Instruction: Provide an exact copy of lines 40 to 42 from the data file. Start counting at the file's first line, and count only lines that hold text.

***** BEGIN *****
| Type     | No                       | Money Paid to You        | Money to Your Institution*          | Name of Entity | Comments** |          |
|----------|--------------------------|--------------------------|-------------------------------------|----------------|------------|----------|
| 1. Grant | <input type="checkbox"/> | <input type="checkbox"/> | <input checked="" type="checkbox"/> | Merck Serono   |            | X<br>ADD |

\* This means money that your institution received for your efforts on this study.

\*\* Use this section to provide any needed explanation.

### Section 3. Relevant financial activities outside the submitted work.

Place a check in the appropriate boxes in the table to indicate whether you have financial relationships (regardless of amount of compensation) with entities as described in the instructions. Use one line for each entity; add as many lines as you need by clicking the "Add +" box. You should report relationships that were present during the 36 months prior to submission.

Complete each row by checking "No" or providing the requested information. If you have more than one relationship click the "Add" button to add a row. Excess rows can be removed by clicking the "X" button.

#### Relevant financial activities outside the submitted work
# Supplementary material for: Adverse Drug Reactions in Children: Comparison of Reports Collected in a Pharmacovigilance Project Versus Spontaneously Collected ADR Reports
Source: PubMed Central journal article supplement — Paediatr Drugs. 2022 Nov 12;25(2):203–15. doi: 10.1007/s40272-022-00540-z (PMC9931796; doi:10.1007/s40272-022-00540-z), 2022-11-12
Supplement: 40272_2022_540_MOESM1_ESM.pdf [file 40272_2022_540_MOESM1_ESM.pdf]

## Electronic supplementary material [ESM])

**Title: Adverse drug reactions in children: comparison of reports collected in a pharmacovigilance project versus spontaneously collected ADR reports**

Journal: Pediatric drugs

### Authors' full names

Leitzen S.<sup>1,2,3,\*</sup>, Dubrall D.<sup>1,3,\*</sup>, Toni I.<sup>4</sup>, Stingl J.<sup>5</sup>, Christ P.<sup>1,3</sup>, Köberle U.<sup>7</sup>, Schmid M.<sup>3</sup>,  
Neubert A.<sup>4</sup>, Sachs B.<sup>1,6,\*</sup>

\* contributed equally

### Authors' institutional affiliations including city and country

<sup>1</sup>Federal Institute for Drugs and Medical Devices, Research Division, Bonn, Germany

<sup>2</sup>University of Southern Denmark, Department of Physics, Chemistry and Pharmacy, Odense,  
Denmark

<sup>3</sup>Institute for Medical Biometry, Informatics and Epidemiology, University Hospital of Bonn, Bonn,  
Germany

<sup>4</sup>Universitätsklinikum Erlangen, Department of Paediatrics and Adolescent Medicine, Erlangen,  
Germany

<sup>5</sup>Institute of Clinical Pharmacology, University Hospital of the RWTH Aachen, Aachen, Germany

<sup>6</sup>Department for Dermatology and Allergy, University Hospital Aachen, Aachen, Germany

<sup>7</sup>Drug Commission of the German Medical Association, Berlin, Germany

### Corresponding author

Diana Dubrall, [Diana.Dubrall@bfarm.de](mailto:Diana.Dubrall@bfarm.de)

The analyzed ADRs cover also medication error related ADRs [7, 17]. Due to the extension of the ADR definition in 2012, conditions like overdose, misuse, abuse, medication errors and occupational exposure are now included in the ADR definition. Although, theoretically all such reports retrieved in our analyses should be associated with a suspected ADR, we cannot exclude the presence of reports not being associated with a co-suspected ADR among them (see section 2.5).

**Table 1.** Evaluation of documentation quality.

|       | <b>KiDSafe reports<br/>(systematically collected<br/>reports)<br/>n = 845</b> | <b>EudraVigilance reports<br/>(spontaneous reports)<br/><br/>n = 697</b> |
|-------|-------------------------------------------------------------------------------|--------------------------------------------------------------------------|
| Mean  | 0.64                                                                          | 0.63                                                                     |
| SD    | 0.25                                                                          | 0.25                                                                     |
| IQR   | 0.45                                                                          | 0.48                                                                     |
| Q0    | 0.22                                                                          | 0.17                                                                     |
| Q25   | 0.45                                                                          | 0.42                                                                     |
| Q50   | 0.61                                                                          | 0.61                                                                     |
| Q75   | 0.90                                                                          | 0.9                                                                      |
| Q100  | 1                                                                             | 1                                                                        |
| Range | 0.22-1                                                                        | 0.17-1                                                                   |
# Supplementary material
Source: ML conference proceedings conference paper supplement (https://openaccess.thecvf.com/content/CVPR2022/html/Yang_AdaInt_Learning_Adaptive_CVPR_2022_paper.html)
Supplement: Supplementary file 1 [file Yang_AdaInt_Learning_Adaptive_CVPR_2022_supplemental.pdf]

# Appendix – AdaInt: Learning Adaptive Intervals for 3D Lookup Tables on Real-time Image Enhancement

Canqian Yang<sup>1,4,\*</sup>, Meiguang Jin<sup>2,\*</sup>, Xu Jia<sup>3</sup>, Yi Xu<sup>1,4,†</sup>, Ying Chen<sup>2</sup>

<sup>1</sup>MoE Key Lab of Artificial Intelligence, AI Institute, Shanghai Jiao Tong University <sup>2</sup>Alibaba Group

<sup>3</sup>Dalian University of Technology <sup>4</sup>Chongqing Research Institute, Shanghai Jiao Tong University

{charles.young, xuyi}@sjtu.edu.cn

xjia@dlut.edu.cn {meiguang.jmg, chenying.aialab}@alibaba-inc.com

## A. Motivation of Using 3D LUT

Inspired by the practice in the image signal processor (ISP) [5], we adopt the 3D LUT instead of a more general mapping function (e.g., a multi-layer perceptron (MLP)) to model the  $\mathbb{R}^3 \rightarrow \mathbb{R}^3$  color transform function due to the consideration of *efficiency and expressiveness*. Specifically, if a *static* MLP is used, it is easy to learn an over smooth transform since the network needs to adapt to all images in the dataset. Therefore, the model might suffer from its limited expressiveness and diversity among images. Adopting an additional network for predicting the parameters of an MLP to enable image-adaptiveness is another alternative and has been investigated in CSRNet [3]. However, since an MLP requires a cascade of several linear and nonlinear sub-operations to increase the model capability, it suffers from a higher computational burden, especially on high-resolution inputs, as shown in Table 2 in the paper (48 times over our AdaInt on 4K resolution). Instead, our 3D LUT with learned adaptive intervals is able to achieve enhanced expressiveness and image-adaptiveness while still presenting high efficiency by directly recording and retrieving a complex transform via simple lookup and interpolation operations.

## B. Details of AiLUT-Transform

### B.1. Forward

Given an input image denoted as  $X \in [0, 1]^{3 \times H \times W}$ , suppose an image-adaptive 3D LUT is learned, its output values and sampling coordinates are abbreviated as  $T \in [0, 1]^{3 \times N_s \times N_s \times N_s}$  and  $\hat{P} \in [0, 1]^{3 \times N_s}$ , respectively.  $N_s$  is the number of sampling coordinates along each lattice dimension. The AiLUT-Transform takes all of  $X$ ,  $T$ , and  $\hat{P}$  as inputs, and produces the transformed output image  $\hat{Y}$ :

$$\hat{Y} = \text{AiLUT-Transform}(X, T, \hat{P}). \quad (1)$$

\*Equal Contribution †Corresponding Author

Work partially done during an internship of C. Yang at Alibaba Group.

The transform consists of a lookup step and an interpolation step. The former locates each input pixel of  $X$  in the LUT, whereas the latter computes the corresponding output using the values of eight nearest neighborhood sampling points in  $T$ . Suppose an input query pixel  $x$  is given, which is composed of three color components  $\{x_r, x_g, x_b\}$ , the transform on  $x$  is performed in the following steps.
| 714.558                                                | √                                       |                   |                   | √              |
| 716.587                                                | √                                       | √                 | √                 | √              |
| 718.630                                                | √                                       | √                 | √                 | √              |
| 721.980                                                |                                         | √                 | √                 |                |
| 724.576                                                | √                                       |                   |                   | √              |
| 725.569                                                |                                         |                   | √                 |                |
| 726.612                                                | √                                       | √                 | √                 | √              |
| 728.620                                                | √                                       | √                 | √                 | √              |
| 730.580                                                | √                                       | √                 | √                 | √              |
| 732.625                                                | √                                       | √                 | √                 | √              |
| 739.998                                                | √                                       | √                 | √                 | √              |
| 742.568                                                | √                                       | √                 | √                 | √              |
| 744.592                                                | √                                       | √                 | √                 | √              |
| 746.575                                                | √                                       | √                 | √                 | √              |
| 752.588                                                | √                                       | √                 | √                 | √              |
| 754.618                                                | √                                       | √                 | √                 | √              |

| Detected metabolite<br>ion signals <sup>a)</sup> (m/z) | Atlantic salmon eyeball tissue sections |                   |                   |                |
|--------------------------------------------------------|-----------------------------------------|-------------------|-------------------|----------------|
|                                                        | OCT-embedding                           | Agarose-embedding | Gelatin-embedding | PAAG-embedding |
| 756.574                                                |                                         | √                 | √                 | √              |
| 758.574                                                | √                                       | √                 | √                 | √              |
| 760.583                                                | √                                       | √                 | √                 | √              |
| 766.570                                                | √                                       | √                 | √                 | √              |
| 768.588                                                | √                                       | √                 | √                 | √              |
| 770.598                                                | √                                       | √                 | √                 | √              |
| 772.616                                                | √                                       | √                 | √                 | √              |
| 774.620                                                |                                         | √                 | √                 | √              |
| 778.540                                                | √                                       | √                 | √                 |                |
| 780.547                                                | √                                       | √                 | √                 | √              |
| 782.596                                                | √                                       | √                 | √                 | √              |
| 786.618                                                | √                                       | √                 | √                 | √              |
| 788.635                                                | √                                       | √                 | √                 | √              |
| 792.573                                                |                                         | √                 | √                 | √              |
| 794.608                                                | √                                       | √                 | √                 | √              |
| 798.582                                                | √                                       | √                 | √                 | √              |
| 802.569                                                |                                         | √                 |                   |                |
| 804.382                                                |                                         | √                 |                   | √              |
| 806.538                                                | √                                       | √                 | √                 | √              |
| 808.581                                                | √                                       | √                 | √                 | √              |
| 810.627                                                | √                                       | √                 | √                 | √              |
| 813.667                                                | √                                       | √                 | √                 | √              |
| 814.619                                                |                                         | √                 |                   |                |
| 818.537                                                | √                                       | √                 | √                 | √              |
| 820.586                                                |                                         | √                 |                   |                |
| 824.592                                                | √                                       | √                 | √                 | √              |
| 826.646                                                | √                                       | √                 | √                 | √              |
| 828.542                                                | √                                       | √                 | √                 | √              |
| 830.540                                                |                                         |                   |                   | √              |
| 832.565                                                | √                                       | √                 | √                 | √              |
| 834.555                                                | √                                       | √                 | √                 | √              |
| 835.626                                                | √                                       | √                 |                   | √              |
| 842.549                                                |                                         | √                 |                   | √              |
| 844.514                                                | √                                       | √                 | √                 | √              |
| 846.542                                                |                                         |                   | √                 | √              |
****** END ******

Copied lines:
| Q0    | 0.22                                                                          | 0.17                                                                     |
| Q25   | 0.45                                                                          | 0.42                                                                     |
| Q50   | 0.61                                                                          | 0.61                                                                     |